Hey all, I’m sure you agree that this past week has been incredibly exciting. It was particularly exciting for me, not just because of all the YFI (pronounced waifu) I farmed, but also because of the creation of the community governance system. I’ve been researching and building decentralized governance systems since late 2017 when I started building betoken.fund, a crypto hedge fund dApp 100% owned, governed, and managed by a decentralized & meritocratic community. I’ve always thought it’s a no-brainer to govern DeFi protocols through DAOs, so I’m stoked that it’s finally becoming mainstream.
However, it’s far less exciting for me to see yearn use a naive token-weighted voting system, as it is seriously flawed. I’ve written an extensive critique of it: Why Voting Tokens Are F**king Horrible, And 4 Ways to Fix Them, which is pretty long so here’s the TL;DR:
- Token-based governance systems assume that the price of the token is strongly correlated with the success of the underlying protocol, which is just not true, due to market manipulation, complexity of the protocol, and the possibility to short-sell the governance token.
- Flat organizations (which the yearn governance system currently is) are bad, because not having a formally defined power structure would only lead to the tyranny of structurelessness, where informal power structures form spontaneously from preexisting social relations between members, producing leaders whose power cannot be stripped and preventing talented people without “good friends” from obtaining power.
- If this sounds far-fetched, just keep in mind what happened to the French revolution and the Russian revolution.
To make yearn a protocol that can last for decades (if not centuries), we’re in a unique position to thoughtfully design a governance system that does not explode in our faces. In my opinion, what we need to do is:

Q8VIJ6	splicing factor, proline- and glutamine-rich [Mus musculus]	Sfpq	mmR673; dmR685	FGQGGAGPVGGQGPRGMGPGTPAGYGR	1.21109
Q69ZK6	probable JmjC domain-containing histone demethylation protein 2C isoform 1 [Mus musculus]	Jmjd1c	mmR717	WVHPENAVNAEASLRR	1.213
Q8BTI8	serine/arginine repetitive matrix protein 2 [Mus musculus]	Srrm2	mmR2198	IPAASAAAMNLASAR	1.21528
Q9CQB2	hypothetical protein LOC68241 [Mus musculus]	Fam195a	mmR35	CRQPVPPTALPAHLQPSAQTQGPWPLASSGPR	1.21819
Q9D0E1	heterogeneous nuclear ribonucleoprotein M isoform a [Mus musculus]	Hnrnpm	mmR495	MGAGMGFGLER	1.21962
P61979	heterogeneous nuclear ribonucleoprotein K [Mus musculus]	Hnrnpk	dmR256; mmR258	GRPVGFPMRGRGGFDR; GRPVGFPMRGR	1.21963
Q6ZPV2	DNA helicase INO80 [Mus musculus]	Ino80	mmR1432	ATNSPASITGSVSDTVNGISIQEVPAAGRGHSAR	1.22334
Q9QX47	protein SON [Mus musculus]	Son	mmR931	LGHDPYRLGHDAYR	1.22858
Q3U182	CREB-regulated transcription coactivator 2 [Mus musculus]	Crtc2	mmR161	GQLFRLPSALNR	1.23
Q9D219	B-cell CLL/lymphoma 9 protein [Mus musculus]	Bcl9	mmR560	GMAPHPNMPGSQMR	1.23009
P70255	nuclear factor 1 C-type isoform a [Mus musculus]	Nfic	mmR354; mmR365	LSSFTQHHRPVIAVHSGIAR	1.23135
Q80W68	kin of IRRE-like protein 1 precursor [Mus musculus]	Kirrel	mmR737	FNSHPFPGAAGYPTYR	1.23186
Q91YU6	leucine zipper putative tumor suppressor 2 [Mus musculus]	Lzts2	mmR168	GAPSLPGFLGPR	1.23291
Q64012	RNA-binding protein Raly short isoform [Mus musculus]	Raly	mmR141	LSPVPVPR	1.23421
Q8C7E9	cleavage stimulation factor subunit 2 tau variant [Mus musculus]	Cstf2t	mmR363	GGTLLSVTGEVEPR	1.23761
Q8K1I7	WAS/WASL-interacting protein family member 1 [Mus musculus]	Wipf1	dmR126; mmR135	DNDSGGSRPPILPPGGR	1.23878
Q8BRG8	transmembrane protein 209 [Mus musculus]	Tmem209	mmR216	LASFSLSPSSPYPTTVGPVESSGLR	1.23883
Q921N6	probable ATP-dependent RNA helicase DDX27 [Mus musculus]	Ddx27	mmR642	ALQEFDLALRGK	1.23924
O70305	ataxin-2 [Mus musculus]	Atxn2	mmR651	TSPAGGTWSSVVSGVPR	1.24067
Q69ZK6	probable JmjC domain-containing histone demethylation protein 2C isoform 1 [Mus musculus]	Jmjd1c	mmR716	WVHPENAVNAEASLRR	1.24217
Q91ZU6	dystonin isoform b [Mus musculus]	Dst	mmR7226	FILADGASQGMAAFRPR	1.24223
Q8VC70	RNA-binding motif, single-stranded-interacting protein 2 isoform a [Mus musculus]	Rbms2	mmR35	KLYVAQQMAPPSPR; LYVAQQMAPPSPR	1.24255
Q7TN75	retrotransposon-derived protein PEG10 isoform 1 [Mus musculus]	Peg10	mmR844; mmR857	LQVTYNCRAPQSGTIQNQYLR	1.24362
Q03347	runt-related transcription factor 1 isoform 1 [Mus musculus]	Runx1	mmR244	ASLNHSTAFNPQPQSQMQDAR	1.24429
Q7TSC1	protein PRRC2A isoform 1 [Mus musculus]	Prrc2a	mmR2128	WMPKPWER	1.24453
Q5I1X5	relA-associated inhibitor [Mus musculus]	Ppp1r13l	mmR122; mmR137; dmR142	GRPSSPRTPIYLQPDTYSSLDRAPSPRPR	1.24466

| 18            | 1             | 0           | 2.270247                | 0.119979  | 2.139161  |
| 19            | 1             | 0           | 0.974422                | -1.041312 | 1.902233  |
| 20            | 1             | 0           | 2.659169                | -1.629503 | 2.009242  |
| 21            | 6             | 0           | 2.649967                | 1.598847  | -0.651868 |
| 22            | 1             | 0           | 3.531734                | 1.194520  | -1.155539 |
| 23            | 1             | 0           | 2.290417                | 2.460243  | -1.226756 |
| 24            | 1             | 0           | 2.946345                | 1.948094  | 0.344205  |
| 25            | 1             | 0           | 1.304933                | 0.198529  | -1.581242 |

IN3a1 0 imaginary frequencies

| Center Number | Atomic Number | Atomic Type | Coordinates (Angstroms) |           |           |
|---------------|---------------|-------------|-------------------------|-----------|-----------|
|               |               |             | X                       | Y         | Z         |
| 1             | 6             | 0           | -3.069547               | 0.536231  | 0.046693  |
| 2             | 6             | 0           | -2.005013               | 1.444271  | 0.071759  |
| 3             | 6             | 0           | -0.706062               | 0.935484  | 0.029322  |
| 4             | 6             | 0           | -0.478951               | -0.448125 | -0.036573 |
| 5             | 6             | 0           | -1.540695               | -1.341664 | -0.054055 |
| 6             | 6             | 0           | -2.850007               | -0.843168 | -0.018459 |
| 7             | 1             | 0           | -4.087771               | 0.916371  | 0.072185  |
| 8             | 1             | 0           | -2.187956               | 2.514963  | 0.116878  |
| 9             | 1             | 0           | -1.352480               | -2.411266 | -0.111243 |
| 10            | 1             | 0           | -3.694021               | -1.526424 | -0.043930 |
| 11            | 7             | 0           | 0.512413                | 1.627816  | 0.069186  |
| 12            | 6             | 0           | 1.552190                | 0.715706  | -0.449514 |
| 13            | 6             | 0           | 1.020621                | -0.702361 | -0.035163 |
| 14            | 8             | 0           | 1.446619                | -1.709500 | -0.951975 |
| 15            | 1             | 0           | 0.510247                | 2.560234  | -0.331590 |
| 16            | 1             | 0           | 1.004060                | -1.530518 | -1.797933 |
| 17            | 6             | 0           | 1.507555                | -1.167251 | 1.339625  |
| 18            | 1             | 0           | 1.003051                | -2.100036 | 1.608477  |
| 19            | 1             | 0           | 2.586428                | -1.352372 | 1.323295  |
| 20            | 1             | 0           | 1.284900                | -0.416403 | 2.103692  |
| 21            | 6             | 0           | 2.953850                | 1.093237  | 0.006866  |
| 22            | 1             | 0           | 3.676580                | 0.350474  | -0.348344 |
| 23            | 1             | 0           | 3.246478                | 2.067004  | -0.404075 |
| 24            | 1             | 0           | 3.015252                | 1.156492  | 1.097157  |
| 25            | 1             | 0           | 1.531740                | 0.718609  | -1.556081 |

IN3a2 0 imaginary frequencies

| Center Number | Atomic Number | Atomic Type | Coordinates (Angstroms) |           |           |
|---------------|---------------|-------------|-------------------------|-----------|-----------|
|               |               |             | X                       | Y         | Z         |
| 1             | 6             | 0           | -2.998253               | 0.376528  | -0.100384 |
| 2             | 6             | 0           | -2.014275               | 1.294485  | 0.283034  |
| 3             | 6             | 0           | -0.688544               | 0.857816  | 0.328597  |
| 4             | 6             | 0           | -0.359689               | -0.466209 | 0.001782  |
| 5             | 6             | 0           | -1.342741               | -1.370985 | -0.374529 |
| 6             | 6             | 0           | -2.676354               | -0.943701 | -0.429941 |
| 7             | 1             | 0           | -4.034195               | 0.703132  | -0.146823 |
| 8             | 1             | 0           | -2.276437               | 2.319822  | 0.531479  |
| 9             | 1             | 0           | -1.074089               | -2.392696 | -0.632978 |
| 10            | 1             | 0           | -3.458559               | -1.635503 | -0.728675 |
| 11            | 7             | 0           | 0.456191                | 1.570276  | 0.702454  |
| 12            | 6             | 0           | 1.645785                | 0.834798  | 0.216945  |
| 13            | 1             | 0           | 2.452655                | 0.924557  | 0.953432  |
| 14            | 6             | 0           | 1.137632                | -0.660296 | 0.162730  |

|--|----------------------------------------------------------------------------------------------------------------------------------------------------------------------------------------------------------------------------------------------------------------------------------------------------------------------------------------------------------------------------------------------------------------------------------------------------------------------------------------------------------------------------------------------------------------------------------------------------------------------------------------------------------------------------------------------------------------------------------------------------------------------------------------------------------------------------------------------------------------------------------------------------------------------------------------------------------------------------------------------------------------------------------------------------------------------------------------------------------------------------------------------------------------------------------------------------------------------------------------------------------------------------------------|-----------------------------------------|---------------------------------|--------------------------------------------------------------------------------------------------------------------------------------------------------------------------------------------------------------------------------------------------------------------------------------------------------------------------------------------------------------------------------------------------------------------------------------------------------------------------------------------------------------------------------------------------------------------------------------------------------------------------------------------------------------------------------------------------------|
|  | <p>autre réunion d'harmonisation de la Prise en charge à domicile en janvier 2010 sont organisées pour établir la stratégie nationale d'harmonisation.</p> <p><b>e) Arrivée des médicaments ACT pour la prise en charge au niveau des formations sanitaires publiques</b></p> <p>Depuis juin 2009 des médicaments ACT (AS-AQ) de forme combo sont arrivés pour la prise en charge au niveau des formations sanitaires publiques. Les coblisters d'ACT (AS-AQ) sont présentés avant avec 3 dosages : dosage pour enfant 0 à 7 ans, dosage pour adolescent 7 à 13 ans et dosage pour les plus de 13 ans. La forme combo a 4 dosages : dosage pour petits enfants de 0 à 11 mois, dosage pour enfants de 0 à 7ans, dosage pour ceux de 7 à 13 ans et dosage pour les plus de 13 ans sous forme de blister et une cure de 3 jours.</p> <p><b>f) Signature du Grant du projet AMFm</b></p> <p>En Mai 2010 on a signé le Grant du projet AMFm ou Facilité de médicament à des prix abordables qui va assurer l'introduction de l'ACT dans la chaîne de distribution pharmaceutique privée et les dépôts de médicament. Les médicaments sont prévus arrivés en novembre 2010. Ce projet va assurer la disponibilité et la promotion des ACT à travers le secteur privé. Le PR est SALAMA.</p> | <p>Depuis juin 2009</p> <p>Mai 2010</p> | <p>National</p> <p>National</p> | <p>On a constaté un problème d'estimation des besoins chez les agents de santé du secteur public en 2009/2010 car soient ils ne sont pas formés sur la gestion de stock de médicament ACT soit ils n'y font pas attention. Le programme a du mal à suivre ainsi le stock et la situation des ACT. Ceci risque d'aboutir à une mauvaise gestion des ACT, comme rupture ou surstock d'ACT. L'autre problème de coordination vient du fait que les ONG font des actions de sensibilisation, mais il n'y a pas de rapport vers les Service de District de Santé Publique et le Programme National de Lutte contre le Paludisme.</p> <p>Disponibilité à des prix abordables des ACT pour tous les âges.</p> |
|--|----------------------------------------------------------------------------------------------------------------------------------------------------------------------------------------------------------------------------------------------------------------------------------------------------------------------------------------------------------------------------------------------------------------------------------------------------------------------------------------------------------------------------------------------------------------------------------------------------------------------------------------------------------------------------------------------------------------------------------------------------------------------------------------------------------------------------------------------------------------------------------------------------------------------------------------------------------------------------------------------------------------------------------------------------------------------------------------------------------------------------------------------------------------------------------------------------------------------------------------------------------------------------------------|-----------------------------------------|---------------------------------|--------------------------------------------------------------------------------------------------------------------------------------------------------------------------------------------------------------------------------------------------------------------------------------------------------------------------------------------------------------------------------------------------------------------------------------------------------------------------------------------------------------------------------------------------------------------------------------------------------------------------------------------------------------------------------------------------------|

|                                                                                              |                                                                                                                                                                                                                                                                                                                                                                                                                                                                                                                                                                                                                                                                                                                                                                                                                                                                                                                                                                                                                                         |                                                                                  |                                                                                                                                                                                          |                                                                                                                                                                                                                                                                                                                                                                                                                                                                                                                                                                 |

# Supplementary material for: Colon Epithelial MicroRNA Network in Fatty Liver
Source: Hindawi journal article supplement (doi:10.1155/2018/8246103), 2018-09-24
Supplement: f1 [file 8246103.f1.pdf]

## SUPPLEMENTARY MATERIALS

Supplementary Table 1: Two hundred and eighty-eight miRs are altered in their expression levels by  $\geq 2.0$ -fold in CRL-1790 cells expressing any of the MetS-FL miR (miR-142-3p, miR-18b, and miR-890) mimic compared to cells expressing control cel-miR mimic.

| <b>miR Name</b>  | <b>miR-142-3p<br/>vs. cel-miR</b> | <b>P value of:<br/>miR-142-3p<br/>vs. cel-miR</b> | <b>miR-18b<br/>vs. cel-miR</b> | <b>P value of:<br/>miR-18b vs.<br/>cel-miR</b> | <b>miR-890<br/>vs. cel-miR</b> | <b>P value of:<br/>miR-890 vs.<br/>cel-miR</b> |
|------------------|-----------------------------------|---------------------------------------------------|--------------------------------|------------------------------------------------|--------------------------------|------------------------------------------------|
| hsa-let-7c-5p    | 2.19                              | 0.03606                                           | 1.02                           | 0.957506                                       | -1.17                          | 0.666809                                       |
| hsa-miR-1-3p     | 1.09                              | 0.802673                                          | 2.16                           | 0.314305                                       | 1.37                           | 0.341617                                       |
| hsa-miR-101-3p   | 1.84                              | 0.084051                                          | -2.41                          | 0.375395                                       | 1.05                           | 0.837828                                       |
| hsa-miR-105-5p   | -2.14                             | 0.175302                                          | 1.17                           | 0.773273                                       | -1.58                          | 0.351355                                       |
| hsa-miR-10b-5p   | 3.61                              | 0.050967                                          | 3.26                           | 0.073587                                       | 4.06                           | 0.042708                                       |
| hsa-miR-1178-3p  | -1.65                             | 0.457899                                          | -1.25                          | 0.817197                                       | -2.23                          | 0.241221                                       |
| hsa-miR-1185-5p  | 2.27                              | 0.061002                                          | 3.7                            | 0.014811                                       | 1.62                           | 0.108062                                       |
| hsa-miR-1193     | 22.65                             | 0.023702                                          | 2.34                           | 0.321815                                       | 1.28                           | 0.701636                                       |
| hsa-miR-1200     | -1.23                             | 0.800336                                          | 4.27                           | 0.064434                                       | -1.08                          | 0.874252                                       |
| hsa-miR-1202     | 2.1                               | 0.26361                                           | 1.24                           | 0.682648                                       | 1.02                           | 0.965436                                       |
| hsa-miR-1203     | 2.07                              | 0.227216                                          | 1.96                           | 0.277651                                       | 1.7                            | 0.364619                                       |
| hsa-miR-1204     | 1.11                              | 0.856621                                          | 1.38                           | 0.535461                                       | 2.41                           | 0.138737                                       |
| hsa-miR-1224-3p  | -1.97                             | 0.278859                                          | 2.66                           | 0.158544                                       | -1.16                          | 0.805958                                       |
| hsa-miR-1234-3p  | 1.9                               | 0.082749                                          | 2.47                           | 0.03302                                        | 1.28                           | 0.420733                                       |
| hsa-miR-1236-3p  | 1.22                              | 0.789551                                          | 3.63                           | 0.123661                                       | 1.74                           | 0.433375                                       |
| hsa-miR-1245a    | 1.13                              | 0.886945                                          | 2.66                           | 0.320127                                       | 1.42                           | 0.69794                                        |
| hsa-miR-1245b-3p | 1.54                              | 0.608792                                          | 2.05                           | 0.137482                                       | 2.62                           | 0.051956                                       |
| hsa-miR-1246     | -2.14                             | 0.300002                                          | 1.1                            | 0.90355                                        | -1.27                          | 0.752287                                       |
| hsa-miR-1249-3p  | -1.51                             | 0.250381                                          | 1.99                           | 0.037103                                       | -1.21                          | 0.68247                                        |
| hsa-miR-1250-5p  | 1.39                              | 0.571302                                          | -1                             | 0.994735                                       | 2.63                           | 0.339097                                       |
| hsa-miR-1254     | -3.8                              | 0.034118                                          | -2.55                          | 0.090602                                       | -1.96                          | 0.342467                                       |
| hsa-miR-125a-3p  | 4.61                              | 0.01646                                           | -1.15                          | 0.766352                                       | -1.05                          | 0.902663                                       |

- Formalize the governance process. It’s one of the first things that needs to happen, and I’m glad to see it’s already spontaneously happening with YIPs and RFCs, but there’s still a long way to go. For instance, there’s no protocol for debating a YIP, or for what a YIP needs to contain.
- Proposals like voteLock are going in the right direction IMO
- Establish an executive council. We need clear designations of power & responsibilities, and having a council of people working for yearn full time is a good idea. For instance, who should be in charge of the yearn Twitter account? Who should be the forum mods? Who should filter out malicious proposals? Who should have the right to manage the GitHub repos? We need to be able to answer questions like this unequivocally, and having an elected executive council is IMO the best way to do it.
- Share fees/YFI with the council/the dev team/people analyzing proposals. To have a healthy ecosystem, we need to establish clear internal incentives for people to contribute to the protocol in areas we value. We should reward the dev team, reward those who provide valuable analysis of the pros and cons of proposals, and reward those who help the governance system running smoothly. Giving YFI rewards seem to make the most sense, since it will be imbued with governance power once YIP 10 passes. YIP 14 seems to be going in the right direction, but I think it makes more sense to reward contributors with not just money, but also governance power.
Would love some feedback & more ideas! There’s a lot of work to be done to build ourselves a solid governance system.